Black African Slavery was an evil act, contrary to the Christian mandate (Matthew 22:37 – 40 (NKJV)). In the sixteenth century, God in His infinite wisdom confounded the minds of the Jesuits, the Dominican, and the Franciscan Monks, causing them to convert the ‘benighted’ beings (denigrating reference to Black Africans) to Christianity. (Eric Williams (1911 – 1981), Capitalism and Slavery (London: Andre Deutsch Limited © 1944 by Eric Williams), p. 42. God knew that by so doing, He was planting the ‘seeds of reparation’ for the descendants of the Christian converts up to our twenty–first century (Galatians 6:10). It was not until the mid–nineteenth century when the descendents of Black African Slavery began to experience a semblance of civil rights.
Reparation — the arguments against
The arguments against reparation are evasive and baseless when compared to the generational suffering (victims were lynched, murdered, castrated, shot, burned, drowned, dismembered, or dragged to death in unspeakable acts of terrorism) that enslaved Black Africans and their descendants have endured for centuries (1500s – 1900s), with impunity. The world must also be mindful of the millions of souls that went to a ‘watery grave’ while crossing the Middle Passage, as well.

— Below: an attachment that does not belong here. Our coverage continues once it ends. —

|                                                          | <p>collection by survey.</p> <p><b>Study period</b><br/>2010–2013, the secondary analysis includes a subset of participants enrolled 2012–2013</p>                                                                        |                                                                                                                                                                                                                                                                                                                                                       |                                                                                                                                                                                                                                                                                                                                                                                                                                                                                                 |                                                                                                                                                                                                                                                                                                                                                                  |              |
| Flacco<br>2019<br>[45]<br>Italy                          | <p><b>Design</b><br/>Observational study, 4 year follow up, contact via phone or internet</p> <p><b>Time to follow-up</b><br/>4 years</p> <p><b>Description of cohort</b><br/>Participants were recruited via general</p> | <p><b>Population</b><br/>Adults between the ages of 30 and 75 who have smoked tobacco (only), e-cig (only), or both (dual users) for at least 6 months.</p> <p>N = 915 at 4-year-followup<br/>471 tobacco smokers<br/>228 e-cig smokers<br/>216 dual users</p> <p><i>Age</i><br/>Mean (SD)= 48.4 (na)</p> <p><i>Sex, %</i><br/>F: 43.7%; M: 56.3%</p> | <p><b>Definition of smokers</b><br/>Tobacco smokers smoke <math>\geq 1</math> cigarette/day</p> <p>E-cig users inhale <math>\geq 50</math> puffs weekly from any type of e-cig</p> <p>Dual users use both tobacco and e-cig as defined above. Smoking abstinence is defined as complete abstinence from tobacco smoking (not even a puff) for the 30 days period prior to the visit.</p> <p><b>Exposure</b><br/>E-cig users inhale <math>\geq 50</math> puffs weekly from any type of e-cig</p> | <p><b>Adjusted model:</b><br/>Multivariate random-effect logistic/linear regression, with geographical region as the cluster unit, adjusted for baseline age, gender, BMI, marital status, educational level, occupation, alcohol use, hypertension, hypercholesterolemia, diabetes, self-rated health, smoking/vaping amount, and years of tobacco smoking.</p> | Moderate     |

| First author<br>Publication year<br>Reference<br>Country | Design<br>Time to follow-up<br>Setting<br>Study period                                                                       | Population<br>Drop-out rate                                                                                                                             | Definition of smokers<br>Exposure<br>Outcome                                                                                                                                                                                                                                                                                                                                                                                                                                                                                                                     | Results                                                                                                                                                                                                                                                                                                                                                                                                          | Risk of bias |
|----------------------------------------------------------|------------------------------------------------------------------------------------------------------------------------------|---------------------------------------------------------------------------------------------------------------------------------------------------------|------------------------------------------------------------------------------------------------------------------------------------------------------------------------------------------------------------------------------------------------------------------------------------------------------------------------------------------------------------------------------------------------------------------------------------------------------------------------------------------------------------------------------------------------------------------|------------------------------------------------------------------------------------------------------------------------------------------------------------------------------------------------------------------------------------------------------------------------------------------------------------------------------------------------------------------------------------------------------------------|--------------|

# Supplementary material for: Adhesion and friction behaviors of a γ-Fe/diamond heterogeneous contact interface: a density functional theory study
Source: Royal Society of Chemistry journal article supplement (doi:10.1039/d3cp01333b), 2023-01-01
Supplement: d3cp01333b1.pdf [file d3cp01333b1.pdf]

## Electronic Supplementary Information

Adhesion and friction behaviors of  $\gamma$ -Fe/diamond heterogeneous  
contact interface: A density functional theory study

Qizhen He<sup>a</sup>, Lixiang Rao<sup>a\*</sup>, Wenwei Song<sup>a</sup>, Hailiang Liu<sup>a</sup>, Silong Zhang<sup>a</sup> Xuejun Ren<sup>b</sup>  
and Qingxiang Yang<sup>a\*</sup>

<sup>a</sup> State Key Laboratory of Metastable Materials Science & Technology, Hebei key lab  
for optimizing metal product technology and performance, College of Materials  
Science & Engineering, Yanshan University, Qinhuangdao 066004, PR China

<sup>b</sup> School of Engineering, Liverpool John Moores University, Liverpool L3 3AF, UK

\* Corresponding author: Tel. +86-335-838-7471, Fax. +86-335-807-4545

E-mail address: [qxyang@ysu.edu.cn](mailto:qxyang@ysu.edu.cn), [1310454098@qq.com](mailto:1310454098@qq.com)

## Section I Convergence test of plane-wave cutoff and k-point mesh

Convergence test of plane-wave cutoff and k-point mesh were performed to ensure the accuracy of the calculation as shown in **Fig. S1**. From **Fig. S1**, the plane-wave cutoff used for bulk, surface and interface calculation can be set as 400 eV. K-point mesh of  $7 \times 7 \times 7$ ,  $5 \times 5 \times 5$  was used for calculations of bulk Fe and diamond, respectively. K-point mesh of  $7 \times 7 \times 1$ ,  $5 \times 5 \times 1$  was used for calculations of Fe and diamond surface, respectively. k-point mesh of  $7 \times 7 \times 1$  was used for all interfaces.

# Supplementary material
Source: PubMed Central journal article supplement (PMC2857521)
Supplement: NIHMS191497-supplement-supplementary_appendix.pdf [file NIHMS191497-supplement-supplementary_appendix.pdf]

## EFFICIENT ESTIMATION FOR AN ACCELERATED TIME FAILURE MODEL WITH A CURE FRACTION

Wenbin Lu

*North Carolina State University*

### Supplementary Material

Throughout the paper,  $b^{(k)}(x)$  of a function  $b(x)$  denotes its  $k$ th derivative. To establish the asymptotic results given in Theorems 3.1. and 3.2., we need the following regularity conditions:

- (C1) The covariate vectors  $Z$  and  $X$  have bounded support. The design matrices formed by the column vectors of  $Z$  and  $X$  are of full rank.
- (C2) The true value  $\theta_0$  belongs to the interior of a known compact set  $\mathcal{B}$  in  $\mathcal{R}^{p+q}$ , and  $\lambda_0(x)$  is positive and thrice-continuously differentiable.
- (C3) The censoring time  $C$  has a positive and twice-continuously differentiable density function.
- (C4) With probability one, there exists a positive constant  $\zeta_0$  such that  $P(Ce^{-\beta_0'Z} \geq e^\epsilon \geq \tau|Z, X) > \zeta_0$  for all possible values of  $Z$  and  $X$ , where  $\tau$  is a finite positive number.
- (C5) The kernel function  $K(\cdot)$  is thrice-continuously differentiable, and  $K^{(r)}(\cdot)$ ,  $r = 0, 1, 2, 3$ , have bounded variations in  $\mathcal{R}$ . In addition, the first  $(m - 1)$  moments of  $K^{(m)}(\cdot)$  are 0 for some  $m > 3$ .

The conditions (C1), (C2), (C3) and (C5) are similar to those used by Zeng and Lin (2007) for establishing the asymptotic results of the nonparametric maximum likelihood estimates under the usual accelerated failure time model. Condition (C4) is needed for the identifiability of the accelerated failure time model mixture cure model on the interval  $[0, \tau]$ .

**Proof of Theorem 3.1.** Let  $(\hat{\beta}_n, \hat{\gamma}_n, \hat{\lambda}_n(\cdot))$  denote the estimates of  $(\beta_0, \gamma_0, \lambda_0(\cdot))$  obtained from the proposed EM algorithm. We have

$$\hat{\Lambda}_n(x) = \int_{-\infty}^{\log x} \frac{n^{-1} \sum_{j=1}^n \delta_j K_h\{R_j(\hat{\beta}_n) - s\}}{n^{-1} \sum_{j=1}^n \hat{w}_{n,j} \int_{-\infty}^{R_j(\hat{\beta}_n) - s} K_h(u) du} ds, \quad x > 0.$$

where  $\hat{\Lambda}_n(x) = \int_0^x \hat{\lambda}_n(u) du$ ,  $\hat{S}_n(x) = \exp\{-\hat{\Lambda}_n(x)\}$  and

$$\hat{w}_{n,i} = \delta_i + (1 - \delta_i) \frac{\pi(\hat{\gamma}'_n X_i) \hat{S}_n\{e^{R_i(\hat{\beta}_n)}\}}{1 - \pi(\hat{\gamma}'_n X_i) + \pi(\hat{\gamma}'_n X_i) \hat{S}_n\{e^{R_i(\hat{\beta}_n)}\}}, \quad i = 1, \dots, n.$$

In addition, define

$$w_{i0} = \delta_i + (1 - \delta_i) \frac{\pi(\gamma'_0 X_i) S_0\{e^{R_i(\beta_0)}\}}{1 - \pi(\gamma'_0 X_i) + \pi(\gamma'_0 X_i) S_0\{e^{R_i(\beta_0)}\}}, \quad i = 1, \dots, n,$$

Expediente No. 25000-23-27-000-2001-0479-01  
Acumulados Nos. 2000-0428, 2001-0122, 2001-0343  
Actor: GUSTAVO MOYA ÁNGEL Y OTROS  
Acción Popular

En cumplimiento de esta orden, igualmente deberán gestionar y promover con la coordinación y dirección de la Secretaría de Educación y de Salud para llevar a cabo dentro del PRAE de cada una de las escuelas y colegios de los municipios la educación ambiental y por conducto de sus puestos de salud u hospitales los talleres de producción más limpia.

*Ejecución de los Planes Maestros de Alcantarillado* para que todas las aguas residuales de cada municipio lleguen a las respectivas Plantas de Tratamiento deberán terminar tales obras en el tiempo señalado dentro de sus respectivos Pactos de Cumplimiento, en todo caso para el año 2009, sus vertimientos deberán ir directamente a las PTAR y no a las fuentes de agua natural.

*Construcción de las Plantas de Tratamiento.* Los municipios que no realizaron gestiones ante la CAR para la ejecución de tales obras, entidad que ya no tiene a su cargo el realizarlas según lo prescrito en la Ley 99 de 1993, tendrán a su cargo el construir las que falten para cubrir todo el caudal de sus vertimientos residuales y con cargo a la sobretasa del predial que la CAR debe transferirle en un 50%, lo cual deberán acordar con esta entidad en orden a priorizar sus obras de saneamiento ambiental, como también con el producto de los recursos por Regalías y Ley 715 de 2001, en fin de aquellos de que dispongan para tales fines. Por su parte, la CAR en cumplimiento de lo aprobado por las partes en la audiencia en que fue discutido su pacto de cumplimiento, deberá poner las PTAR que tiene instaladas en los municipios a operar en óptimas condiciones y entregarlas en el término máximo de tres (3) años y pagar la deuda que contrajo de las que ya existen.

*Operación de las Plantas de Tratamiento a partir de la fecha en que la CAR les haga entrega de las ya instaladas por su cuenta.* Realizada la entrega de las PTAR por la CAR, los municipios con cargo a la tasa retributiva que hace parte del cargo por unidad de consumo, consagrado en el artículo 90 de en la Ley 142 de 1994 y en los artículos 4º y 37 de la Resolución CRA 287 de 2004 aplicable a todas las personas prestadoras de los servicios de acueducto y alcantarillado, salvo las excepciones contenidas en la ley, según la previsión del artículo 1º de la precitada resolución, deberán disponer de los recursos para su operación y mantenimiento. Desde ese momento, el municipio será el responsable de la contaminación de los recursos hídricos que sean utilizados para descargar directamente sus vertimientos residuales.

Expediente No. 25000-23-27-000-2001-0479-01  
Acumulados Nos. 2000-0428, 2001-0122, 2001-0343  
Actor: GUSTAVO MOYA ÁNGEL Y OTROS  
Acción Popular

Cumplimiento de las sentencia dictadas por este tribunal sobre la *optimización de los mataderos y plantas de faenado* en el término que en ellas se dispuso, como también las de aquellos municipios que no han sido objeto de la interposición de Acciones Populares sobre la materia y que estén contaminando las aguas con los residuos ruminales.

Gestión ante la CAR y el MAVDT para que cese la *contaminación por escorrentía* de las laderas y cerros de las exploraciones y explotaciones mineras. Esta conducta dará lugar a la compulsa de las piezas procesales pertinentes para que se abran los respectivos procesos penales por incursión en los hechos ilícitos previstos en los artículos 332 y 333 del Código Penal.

A random sampling of some of the divisive issues that attempts to bolster the arguments against reparations are: (1) the perpetrators and victims are dead, and today’s taxpayers will have to carry the burden; (2) there are too many claimants; (3) distribution of money will be problematic among claimants; (4) there is insufficient documentary evidence of slavery; (5) corrupt governments will manipulate reparation dollars; (6) descendants cannot be held accountable; (7) and today’s claimants are too far removed from the Black African Slavery era. (http://www.georgiaencyclopedia.org/articles/history-archaeology/lynching).